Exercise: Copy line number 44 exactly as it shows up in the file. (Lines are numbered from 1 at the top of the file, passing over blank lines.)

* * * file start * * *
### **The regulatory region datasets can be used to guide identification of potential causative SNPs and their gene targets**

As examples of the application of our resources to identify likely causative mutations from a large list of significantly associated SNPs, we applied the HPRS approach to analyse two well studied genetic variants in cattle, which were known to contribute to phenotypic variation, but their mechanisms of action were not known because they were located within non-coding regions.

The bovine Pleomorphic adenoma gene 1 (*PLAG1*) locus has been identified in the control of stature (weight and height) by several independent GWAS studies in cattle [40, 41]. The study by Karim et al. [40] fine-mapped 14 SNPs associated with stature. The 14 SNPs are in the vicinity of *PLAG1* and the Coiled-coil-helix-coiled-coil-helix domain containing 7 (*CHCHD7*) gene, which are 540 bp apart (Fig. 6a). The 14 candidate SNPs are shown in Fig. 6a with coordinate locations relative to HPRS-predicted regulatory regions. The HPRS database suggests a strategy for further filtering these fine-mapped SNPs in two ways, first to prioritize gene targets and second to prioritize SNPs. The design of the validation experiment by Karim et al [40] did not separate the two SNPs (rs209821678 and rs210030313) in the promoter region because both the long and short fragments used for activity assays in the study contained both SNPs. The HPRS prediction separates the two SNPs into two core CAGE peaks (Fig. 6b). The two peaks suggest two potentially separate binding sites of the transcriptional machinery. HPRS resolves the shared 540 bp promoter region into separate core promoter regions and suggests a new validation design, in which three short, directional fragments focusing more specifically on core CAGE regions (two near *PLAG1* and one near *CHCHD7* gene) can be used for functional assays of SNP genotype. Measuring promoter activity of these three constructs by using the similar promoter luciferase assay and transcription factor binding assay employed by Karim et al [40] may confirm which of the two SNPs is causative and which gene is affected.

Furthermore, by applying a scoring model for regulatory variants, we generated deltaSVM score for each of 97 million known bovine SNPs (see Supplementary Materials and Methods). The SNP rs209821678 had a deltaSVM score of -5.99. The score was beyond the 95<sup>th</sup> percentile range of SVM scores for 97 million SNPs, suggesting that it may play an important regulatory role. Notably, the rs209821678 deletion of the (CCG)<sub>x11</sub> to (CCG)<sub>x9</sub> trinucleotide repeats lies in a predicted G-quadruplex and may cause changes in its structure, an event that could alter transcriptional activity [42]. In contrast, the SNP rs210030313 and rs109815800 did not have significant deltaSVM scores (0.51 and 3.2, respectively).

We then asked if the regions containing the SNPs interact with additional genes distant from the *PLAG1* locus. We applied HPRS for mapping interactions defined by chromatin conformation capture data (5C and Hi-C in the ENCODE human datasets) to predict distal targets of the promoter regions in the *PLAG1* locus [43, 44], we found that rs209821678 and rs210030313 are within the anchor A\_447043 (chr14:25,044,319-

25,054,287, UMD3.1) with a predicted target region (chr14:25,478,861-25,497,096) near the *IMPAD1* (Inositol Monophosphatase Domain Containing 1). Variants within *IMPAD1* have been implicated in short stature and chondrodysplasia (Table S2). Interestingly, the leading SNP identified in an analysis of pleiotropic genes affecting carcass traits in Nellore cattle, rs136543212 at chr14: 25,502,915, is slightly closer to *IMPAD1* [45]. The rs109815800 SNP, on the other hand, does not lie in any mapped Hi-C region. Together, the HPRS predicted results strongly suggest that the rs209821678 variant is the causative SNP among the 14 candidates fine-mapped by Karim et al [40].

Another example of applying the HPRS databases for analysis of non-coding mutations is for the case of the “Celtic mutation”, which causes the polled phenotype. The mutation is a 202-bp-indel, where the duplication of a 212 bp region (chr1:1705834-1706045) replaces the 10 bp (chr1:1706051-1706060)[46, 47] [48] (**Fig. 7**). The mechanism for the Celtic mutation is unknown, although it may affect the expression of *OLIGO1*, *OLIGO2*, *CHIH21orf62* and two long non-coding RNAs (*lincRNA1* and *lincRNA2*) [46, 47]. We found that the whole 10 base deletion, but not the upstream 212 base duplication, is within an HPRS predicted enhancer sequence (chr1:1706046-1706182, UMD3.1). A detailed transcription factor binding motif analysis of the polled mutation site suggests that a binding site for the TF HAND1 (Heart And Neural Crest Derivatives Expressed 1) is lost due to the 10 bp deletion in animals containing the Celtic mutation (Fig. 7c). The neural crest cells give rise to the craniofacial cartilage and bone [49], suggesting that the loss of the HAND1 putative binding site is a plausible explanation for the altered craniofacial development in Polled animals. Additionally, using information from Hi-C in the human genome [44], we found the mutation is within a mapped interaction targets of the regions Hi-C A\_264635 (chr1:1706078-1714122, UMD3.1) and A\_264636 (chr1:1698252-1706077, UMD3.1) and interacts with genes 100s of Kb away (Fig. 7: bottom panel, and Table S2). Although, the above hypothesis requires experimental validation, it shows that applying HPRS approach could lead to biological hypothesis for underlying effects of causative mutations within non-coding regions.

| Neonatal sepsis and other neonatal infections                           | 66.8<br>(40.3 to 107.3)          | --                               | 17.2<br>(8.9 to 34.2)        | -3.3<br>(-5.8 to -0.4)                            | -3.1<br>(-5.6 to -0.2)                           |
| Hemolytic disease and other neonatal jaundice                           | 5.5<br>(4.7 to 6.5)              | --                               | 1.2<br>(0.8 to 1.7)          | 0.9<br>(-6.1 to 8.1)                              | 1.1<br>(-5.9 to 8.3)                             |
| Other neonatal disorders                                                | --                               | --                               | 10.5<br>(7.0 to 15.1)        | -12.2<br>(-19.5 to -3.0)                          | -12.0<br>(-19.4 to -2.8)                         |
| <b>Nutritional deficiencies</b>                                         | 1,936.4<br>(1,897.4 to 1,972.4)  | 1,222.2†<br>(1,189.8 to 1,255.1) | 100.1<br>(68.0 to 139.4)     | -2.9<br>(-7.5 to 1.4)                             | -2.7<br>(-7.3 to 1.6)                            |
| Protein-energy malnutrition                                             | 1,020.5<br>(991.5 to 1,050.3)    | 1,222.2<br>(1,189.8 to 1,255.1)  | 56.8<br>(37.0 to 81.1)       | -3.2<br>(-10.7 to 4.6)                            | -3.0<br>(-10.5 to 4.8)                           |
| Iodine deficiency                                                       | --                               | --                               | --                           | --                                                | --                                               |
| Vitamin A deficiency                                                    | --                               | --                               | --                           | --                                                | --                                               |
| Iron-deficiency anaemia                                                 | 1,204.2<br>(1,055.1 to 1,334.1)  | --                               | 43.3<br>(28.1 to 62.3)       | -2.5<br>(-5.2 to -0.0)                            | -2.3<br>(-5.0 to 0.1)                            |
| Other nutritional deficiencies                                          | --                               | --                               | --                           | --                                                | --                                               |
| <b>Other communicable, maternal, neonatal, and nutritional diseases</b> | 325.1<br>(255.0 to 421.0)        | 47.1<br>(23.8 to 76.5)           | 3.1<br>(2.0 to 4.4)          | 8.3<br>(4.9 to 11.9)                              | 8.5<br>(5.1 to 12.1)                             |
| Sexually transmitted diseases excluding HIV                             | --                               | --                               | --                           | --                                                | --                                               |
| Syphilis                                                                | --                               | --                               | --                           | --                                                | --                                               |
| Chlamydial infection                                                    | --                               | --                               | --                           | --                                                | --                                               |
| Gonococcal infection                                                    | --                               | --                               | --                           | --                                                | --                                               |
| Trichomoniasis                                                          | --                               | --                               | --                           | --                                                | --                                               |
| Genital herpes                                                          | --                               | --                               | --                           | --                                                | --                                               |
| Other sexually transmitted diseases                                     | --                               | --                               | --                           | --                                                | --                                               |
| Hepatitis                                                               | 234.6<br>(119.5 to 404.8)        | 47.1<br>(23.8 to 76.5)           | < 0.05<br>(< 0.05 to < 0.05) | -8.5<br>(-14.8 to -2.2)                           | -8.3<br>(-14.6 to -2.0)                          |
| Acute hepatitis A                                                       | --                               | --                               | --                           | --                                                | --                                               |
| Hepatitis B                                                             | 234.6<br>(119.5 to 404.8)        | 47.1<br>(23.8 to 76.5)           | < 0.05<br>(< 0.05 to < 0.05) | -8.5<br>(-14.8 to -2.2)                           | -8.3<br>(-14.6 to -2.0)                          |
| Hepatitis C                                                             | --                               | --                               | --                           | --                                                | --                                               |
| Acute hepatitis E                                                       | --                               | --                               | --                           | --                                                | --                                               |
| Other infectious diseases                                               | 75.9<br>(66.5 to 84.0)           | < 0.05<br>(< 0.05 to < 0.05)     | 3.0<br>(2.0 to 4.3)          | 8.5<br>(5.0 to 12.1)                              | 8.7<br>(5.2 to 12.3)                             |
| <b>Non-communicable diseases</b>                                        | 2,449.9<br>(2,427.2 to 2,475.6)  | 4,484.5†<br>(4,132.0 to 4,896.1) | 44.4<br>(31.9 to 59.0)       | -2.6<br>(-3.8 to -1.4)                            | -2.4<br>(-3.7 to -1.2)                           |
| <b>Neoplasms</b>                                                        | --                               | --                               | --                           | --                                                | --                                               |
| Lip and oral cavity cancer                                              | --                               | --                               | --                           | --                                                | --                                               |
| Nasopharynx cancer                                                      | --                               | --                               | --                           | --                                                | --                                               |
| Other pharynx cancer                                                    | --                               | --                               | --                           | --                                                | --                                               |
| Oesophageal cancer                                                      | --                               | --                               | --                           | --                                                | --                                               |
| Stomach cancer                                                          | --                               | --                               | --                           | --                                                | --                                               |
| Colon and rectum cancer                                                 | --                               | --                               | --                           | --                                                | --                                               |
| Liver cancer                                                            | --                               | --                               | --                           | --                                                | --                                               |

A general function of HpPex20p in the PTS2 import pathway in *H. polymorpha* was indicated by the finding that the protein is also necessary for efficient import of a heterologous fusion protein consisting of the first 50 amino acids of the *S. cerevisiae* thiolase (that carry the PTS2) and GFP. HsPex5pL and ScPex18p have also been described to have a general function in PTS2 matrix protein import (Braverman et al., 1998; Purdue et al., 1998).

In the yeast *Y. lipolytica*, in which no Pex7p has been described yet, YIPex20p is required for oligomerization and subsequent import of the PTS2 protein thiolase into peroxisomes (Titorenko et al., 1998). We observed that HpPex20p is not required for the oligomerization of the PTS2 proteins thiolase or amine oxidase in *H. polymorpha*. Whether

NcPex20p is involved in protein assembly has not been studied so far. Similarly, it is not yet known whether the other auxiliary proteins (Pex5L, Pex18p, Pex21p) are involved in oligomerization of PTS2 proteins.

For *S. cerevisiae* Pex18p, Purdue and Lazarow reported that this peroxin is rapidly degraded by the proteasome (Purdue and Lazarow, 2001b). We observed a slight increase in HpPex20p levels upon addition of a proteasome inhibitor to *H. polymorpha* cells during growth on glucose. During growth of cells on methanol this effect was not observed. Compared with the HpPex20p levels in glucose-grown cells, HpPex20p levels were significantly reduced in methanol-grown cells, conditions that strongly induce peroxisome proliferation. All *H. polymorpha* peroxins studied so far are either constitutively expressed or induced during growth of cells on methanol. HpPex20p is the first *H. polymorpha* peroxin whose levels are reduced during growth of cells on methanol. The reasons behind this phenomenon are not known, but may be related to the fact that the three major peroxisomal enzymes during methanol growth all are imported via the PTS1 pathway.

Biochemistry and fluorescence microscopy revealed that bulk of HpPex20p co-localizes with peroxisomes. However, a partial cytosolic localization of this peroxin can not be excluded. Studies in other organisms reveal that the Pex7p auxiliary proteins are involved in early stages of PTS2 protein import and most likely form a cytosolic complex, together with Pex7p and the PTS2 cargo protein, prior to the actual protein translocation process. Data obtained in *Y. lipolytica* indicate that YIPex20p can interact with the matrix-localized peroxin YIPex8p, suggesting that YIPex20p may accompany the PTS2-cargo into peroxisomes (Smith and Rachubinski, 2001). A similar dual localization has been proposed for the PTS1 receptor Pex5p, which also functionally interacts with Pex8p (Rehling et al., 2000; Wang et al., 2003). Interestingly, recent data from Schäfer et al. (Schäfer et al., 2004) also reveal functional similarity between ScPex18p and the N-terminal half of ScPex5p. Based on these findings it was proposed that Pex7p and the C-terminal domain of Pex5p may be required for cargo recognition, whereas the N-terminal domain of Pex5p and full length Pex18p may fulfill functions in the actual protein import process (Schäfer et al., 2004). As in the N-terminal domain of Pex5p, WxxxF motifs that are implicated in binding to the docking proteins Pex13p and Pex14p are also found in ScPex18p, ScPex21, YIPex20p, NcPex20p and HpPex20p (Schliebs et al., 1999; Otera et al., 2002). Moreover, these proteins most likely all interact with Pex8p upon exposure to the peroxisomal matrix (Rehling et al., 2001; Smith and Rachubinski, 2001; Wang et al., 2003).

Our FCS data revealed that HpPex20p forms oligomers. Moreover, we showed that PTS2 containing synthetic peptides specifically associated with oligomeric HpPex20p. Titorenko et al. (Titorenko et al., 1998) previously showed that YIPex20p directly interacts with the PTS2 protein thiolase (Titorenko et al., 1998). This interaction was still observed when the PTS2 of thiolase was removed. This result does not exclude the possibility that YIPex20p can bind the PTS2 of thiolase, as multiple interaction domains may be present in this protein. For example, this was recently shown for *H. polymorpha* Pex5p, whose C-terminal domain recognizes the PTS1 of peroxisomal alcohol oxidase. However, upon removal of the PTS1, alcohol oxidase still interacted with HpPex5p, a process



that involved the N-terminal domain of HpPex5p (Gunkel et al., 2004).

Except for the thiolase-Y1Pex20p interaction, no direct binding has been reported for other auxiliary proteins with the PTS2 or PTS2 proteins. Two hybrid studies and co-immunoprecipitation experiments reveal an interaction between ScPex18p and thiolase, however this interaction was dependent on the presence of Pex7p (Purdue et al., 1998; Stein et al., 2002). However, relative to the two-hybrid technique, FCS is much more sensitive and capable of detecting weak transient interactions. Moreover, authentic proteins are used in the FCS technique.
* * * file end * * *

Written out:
Biochemistry and fluorescence microscopy revealed that bulk of HpPex20p co-localizes with peroxisomes. However, a partial cytosolic localization of this peroxin can not be excluded. Studies in other organisms reveal that the Pex7p auxiliary proteins are involved in early stages of PTS2 protein import and most likely form a cytosolic complex, together with Pex7p and the PTS2 cargo protein, prior to the actual protein translocation process. Data obtained in *Y. lipolytica* indicate that YIPex20p can interact with the matrix-localized peroxin YIPex8p, suggesting that YIPex20p may accompany the PTS2-cargo into peroxisomes (Smith and Rachubinski, 2001). A similar dual localization has been proposed for the PTS1 receptor Pex5p, which also functionally interacts with Pex8p (Rehling et al., 2000; Wang et al., 2003). Interestingly, recent data from Schäfer et al. (Schäfer et al., 2004) also reveal functional similarity between ScPex18p and the N-terminal half of ScPex5p. Based on these findings it was proposed that Pex7p and the C-terminal domain of Pex5p may be required for cargo recognition, whereas the N-terminal domain of Pex5p and full length Pex18p may fulfill functions in the actual protein import process (Schäfer et al., 2004). As in the N-terminal domain of Pex5p, WxxxF motifs that are implicated in binding to the docking proteins Pex13p and Pex14p are also found in ScPex18p, ScPex21, YIPex20p, NcPex20p and HpPex20p (Schliebs et al., 1999; Otera et al., 2002). Moreover, these proteins most likely all interact with Pex8p upon exposure to the peroxisomal matrix (Rehling et al., 2001; Smith and Rachubinski, 2001; Wang et al., 2003).